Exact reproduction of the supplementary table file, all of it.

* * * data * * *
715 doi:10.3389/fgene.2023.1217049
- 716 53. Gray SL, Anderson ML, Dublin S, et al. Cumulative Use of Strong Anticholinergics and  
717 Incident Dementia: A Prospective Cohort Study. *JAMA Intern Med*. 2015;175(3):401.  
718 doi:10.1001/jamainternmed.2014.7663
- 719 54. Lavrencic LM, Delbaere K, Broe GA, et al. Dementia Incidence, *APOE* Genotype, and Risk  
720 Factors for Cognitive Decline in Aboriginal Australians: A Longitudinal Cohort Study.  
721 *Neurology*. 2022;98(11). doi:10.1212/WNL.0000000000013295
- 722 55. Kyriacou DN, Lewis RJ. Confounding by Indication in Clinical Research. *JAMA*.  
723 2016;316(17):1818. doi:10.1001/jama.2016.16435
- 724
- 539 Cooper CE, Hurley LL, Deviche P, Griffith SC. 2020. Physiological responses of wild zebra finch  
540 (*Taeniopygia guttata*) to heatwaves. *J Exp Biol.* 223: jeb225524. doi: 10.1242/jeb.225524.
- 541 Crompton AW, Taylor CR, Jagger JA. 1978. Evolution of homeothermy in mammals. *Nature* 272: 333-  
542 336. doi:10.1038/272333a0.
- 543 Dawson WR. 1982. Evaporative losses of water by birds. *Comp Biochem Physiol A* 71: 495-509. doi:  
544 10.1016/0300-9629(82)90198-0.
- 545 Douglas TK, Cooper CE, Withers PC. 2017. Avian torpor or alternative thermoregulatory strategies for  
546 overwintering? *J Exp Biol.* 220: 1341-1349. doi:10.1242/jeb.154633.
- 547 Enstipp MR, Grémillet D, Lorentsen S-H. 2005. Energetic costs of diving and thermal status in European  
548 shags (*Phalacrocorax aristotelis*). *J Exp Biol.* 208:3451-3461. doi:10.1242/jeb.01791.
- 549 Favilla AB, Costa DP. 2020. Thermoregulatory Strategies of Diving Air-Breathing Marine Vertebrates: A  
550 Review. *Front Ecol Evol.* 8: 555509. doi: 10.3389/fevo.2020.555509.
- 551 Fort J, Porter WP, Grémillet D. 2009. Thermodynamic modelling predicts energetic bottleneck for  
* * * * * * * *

715 doi:10.3389/fgene.2023.1217049
- 716 53. Gray SL, Anderson ML, Dublin S, et al. Cumulative Use of Strong Anticholinergics and  
717 Incident Dementia: A Prospective Cohort Study. *JAMA Intern Med*. 2015;175(3):401.  
718 doi:10.1001/jamainternmed.2014.7663
- 719 54. Lavrencic LM, Delbaere K, Broe GA, et al. Dementia Incidence, *APOE* Genotype, and Risk  
720 Factors for Cognitive Decline in Aboriginal Australians: A Longitudinal Cohort Study.  
721 *Neurology*. 2022;98(11). doi:10.1212/WNL.0000000000013295
- 722 55. Kyriacou DN, Lewis RJ. Confounding by Indication in Clinical Research. *JAMA*.  
723 2016;316(17):1818. doi:10.1001/jama.2016.16435
- 724
- 539 Cooper CE, Hurley LL, Deviche P, Griffith SC. 2020. Physiological responses of wild zebra finch  
540 (*Taeniopygia guttata*) to heatwaves. *J Exp Biol.* 223: jeb225524. doi: 10.1242/jeb.225524.
- 541 Crompton AW, Taylor CR, Jagger JA. 1978. Evolution of homeothermy in mammals. *Nature* 272: 333-  
542 336. doi:10.1038/272333a0.
- 543 Dawson WR. 1982. Evaporative losses of water by birds. *Comp Biochem Physiol A* 71: 495-509. doi:  
544 10.1016/0300-9629(82)90198-0.
- 545 Douglas TK, Cooper CE, Withers PC. 2017. Avian torpor or alternative thermoregulatory strategies for  
546 overwintering? *J Exp Biol.* 220: 1341-1349. doi:10.1242/jeb.154633.
- 547 Enstipp MR, Grémillet D, Lorentsen S-H. 2005. Energetic costs of diving and thermal status in European  
548 shags (*Phalacrocorax aristotelis*). *J Exp Biol.* 208:3451-3461. doi:10.1242/jeb.01791.
- 549 Favilla AB, Costa DP. 2020. Thermoregulatory Strategies of Diving Air-Breathing Marine Vertebrates: A  
550 Review. *Front Ecol Evol.* 8: 555509. doi: 10.3389/fevo.2020.555509.
- 551 Fort J, Porter WP, Grémillet D. 2009. Thermodynamic modelling predicts energetic bottleneck for  